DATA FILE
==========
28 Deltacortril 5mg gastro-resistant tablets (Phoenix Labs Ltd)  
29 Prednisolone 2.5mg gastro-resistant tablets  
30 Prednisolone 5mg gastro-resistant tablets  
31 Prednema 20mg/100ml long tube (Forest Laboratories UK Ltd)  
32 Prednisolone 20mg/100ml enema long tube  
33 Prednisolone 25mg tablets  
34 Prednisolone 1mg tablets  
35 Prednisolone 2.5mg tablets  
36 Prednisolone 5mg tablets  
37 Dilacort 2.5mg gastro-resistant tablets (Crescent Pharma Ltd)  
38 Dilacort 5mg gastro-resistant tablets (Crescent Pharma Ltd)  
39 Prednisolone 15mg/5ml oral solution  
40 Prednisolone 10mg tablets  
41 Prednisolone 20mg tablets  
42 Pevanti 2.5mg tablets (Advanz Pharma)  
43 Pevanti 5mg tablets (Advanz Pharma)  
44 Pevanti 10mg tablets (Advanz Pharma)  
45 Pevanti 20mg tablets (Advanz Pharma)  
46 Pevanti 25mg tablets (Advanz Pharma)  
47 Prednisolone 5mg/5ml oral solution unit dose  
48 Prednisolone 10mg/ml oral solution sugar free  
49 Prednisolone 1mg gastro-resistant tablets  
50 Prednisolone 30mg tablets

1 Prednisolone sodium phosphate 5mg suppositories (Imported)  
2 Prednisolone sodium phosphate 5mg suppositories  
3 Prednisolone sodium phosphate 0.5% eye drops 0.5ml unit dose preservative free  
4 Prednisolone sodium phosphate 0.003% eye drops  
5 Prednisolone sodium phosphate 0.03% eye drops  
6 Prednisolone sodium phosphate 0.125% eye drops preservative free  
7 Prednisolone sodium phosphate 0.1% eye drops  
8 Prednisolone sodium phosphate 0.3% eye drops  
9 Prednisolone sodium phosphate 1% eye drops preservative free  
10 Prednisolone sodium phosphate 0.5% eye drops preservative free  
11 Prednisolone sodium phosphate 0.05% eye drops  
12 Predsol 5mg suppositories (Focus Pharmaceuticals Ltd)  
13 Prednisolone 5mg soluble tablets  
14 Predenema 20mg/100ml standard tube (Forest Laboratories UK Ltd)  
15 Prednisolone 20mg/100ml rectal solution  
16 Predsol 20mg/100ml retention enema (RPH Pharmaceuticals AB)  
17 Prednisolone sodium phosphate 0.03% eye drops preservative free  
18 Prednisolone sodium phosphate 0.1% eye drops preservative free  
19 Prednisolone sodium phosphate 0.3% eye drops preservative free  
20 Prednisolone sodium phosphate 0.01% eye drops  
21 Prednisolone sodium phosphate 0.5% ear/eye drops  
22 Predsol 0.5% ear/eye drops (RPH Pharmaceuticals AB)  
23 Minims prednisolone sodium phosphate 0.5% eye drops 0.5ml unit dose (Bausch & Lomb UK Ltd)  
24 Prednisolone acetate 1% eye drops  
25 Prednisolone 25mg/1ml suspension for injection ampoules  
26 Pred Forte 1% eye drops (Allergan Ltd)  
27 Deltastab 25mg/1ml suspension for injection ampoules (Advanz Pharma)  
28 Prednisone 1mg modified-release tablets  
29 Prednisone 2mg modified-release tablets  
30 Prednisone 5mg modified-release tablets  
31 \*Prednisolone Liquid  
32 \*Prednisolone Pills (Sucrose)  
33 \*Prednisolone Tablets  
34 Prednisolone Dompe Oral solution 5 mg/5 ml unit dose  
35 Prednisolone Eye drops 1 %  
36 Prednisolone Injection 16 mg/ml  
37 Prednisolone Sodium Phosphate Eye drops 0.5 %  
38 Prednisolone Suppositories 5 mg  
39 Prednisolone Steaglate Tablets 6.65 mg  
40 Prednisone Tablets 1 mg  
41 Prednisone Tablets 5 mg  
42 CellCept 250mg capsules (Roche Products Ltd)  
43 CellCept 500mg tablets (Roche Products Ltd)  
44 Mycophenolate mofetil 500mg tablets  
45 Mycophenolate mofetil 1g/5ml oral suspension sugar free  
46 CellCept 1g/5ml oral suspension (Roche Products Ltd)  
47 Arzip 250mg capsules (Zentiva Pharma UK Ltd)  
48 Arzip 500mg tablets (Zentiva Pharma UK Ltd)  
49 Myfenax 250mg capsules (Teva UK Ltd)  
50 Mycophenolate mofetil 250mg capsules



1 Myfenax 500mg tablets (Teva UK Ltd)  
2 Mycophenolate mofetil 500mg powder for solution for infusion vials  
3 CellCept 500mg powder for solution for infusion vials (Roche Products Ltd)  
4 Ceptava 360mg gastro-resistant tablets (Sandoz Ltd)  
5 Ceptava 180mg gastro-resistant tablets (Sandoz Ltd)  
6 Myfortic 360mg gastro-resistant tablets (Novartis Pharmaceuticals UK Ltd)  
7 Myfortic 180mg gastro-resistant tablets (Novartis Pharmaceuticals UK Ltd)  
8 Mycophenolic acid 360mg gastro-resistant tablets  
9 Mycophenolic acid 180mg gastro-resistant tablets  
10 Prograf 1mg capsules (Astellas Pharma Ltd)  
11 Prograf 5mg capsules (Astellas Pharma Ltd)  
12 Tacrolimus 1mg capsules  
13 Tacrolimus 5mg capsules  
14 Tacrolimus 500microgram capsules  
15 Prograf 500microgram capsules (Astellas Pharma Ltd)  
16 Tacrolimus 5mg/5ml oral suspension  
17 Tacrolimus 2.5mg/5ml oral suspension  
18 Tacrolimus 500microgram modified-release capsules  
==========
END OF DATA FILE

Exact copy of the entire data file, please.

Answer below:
28 Deltacortril 5mg gastro-resistant tablets (Phoenix Labs Ltd)  
29 Prednisolone 2.5mg gastro-resistant tablets  
30 Prednisolone 5mg gastro-resistant tablets  
31 Prednema 20mg/100ml long tube (Forest Laboratories UK Ltd)  
32 Prednisolone 20mg/100ml enema long tube  
33 Prednisolone 25mg tablets  
34 Prednisolone 1mg tablets  
35 Prednisolone 2.5mg tablets  
36 Prednisolone 5mg tablets  
37 Dilacort 2.5mg gastro-resistant tablets (Crescent Pharma Ltd)  
38 Dilacort 5mg gastro-resistant tablets (Crescent Pharma Ltd)  
39 Prednisolone 15mg/5ml oral solution  
40 Prednisolone 10mg tablets  
41 Prednisolone 20mg tablets  
42 Pevanti 2.5mg tablets (Advanz Pharma)  
43 Pevanti 5mg tablets (Advanz Pharma)  
44 Pevanti 10mg tablets (Advanz Pharma)  
45 Pevanti 20mg tablets (Advanz Pharma)  
46 Pevanti 25mg tablets (Advanz Pharma)  
47 Prednisolone 5mg/5ml oral solution unit dose  
48 Prednisolone 10mg/ml oral solution sugar free  
49 Prednisolone 1mg gastro-resistant tablets  
50 Prednisolone 30mg tablets

1 Prednisolone sodium phosphate 5mg suppositories (Imported)  
2 Prednisolone sodium phosphate 5mg suppositories  
3 Prednisolone sodium phosphate 0.5% eye drops 0.5ml unit dose preservative free  
4 Prednisolone sodium phosphate 0.003% eye drops  
5 Prednisolone sodium phosphate 0.03% eye drops  
6 Prednisolone sodium phosphate 0.125% eye drops preservative free  
7 Prednisolone sodium phosphate 0.1% eye drops  
8 Prednisolone sodium phosphate 0.3% eye drops  
9 Prednisolone sodium phosphate 1% eye drops preservative free  
10 Prednisolone sodium phosphate 0.5% eye drops preservative free  
11 Prednisolone sodium phosphate 0.05% eye drops  
12 Predsol 5mg suppositories (Focus Pharmaceuticals Ltd)  
13 Prednisolone 5mg soluble tablets  
14 Predenema 20mg/100ml standard tube (Forest Laboratories UK Ltd)  
15 Prednisolone 20mg/100ml rectal solution  
16 Predsol 20mg/100ml retention enema (RPH Pharmaceuticals AB)  
17 Prednisolone sodium phosphate 0.03% eye drops preservative free  
18 Prednisolone sodium phosphate 0.1% eye drops preservative free  
19 Prednisolone sodium phosphate 0.3% eye drops preservative free  
20 Prednisolone sodium phosphate 0.01% eye drops  
21 Prednisolone sodium phosphate 0.5% ear/eye drops  
22 Predsol 0.5% ear/eye drops (RPH Pharmaceuticals AB)  
23 Minims prednisolone sodium phosphate 0.5% eye drops 0.5ml unit dose (Bausch & Lomb UK Ltd)  
24 Prednisolone acetate 1% eye drops  
25 Prednisolone 25mg/1ml suspension for injection ampoules  
26 Pred Forte 1% eye drops (Allergan Ltd)  
27 Deltastab 25mg/1ml suspension for injection ampoules (Advanz Pharma)  
28 Prednisone 1mg modified-release tablets  
29 Prednisone 2mg modified-release tablets  
30 Prednisone 5mg modified-release tablets  
31 \*Prednisolone Liquid  
32 \*Prednisolone Pills (Sucrose)  
33 \*Prednisolone Tablets  
34 Prednisolone Dompe Oral solution 5 mg/5 ml unit dose  
35 Prednisolone Eye drops 1 %  
36 Prednisolone Injection 16 mg/ml  
37 Prednisolone Sodium Phosphate Eye drops 0.5 %  
38 Prednisolone Suppositories 5 mg  
39 Prednisolone Steaglate Tablets 6.65 mg  
40 Prednisone Tablets 1 mg  
41 Prednisone Tablets 5 mg  
42 CellCept 250mg capsules (Roche Products Ltd)  
43 CellCept 500mg tablets (Roche Products Ltd)  
44 Mycophenolate mofetil 500mg tablets  
45 Mycophenolate mofetil 1g/5ml oral suspension sugar free  
46 CellCept 1g/5ml oral suspension (Roche Products Ltd)  
47 Arzip 250mg capsules (Zentiva Pharma UK Ltd)  
48 Arzip 500mg tablets (Zentiva Pharma UK Ltd)  
49 Myfenax 250mg capsules (Teva UK Ltd)  
50 Mycophenolate mofetil 250mg capsules



1 Myfenax 500mg tablets (Teva UK Ltd)  
2 Mycophenolate mofetil 500mg powder for solution for infusion vials  
3 CellCept 500mg powder for solution for infusion vials (Roche Products Ltd)  
4 Ceptava 360mg gastro-resistant tablets (Sandoz Ltd)  
5 Ceptava 180mg gastro-resistant tablets (Sandoz Ltd)  
6 Myfortic 360mg gastro-resistant tablets (Novartis Pharmaceuticals UK Ltd)  
7 Myfortic 180mg gastro-resistant tablets (Novartis Pharmaceuticals UK Ltd)  
8 Mycophenolic acid 360mg gastro-resistant tablets  
9 Mycophenolic acid 180mg gastro-resistant tablets  
10 Prograf 1mg capsules (Astellas Pharma Ltd)  
11 Prograf 5mg capsules (Astellas Pharma Ltd)  
12 Tacrolimus 1mg capsules  
13 Tacrolimus 5mg capsules  
14 Tacrolimus 500microgram capsules  
15 Prograf 500microgram capsules (Astellas Pharma Ltd)  
16 Tacrolimus 5mg/5ml oral suspension  
17 Tacrolimus 2.5mg/5ml oral suspension  
18 Tacrolimus 500microgram modified-release capsules  